Recognize a Winning Business Idea

To gauge future success, know how the concept will help the target market and whether it will fit into how those customers identify themselves

By Karen E. Klein

Which are the best business ideas: those that tap into our seven deadly sins, or those that fix a pain or solve a problem? —C.C., New York

The answer to your question depends on details such as your target market, production costs, and price point. For instance, take tax planning vs. wealth management. One is an essential service that sells at high volume to a wide audience, but at a price that can approach that of a commodity. The other sells to a smaller niche, but appeals to customers willing and able to pay more.

Another concept to mull is that wants and needs may not be so far apart. Indulging one’s greed or pride may be the flip side of solving a problem or stopping a pain, says Peter Sheahan, chief executive officer of ChangeLabs, an Australian business consulting firm with U.S. headquarters in Denver. “The problem is the pain,” he says, “and the pain is we want more of our seven deadly sins. All human desire comes from a form of dissonance—dissonance just being a fancy word for a gap, and a gap just being a metaphor for the space between where we are now and where we want to be.”

Traditionally, business ideas that solve problems seem to be most effective, although sometimes a new product or service solves a problem that people aren’t consciously aware of until they see the solution. Still, if you can identify the problem in a compelling fashion, your message may be easier to get across.

“I always feel like fixing a pain is best, since more people can really relate to that. They’ll be more willing to listen to your marketing message if you’re solving a problem or taking away their pain,” says Sarah Shaw, a consultant at Entreprenette.com.

Jordana Jaffe, a business consultant and life coach at Quarter Life Clarity, agrees that people are often so fixated on a nagging problem or annoyance that if you can fix it for them, your business will excite and empower them. “We’re always so consumed with what isn’t working in our lives,” she says. “When we’re introduced to the possibility of those things becoming easier for us as a result of this possible solution, life suddenly feels lighter and easier and more possible.”

Human Drives

Sheahan recommends that, rather than framing your business idea on the “sin vs. survival” scale, you should structure its appeal more around human drives, a term he derives from the evolutionary biology research of Paul R. Lawrence of Harvard Business School.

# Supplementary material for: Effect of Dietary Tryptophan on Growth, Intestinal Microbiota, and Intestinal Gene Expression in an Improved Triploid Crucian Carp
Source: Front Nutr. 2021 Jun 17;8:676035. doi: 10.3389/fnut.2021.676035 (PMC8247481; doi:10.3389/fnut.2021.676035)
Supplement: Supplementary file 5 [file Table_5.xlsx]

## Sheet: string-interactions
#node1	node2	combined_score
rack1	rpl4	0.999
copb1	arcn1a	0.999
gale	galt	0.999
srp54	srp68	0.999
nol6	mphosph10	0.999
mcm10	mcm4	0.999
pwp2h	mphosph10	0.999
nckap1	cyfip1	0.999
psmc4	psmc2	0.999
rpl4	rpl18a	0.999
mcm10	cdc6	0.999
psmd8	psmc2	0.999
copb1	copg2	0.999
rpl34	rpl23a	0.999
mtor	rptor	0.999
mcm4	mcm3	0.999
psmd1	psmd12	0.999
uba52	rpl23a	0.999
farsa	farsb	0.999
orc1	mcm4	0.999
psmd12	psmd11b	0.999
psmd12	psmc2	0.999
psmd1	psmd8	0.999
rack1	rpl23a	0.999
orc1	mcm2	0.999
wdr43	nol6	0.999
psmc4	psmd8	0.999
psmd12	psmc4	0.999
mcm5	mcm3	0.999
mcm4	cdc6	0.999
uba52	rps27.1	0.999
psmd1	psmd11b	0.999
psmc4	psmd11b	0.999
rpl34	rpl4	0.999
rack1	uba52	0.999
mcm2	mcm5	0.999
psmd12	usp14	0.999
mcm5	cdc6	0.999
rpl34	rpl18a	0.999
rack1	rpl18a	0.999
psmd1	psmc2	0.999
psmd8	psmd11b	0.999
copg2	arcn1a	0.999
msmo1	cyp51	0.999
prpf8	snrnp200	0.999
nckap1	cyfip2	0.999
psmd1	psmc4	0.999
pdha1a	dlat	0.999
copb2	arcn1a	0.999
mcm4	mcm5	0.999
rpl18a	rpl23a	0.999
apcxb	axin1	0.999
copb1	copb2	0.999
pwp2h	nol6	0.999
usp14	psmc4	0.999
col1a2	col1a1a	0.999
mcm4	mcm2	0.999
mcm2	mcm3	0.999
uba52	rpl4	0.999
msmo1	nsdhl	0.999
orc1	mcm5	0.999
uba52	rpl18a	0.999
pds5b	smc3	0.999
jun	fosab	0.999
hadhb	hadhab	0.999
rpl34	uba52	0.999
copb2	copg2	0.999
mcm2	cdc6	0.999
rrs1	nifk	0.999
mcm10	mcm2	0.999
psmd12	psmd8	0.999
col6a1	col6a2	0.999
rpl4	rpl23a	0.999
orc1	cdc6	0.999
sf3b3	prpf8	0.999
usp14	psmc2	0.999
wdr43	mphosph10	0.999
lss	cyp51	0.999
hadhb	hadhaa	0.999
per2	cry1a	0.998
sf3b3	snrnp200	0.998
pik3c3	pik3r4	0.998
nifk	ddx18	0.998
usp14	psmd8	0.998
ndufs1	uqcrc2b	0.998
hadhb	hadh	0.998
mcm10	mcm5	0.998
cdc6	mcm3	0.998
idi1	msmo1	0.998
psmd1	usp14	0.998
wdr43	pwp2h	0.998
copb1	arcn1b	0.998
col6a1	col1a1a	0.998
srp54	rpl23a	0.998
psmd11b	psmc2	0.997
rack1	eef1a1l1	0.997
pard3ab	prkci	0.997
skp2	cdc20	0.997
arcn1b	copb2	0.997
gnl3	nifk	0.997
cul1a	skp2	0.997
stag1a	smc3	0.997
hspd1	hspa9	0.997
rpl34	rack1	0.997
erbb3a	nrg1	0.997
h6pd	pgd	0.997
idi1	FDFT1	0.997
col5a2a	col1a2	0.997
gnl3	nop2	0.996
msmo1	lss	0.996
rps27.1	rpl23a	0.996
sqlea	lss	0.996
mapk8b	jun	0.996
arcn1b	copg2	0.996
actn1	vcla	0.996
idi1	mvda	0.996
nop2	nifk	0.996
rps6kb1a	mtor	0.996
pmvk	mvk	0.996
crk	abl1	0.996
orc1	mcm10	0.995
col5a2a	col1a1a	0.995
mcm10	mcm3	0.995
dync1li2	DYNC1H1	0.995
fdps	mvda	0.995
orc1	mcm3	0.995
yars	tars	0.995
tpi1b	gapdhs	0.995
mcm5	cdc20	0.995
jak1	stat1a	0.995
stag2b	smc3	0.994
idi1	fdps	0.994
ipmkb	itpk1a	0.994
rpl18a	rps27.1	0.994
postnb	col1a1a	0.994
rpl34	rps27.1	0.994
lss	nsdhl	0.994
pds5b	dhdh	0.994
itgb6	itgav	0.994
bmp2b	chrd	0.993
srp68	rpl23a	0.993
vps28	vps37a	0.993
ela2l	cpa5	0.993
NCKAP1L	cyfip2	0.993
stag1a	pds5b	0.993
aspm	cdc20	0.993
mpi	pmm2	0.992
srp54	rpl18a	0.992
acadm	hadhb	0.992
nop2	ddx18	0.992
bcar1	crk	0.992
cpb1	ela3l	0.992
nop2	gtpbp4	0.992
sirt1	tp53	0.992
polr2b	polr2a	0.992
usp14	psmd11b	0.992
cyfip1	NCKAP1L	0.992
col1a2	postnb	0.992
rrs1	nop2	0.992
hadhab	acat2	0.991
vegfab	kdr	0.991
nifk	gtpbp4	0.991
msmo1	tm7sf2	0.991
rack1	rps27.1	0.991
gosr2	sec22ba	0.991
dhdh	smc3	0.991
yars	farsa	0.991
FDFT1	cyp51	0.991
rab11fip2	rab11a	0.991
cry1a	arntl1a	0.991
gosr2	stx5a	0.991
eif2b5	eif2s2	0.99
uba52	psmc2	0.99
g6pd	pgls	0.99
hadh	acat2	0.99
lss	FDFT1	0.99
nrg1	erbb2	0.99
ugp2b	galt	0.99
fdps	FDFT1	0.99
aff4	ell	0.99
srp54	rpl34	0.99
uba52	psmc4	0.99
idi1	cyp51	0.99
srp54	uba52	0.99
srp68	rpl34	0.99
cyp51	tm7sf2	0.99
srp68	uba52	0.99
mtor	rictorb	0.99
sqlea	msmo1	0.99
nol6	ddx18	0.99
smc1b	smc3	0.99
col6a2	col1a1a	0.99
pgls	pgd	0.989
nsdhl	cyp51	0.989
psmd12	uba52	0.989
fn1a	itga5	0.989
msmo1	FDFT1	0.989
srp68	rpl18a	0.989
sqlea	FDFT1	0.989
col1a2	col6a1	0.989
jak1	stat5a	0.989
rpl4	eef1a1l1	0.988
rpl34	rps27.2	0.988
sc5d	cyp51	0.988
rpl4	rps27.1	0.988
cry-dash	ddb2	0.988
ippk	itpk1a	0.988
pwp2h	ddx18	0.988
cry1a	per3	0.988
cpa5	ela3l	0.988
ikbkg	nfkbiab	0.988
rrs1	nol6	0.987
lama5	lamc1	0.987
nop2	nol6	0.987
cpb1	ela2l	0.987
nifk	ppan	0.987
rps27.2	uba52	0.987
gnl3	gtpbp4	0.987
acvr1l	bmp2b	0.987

Lawrence talked about the universal human drives to acquire, to bond, to comprehend, and to defend. If you can tap into as many of those drives as possible with your product or service, you can predict how explosive your idea will be. “I once did a program with Sega tracking mega blockbuster video games over the last 20 years,” Sheahan says. “All of them had tapped into three of the four human drives.”

What’s most important with a business idea is to identify your target market and become as familiar with your potential clients as possible. “If you’re looking to sell to the high-end, luxury market, your product or service may be something that people might think of as indulging a sin. Just make sure your marketing matches your target market,” Shaw says.

You may have a choice of messages, depending on how you want to position your business idea. Does plastic surgery indulge the sin of vanity, or take away the pain of aging? Do decadent chocolates appeal to the sin of gluttony, or solve the problem of sugar cravings? Whichever way you go, make sure your brand appeals to your customers’ interest in defining themselves, Sheahan says. “Brands say something about us. Think Brooklyn Circus for those that want to be seen as on the fringe, consider Tom’s Shoes for those who want to be seen as evolved and empathetic, and think of Ralph Lauren for those that want to be preppy. What do those brands satisfy? Lust and pride, just to name two,” he says.

[Karen E. Klein is a Los Angeles-based writer who covers entrepreneurship and small-business issues.]

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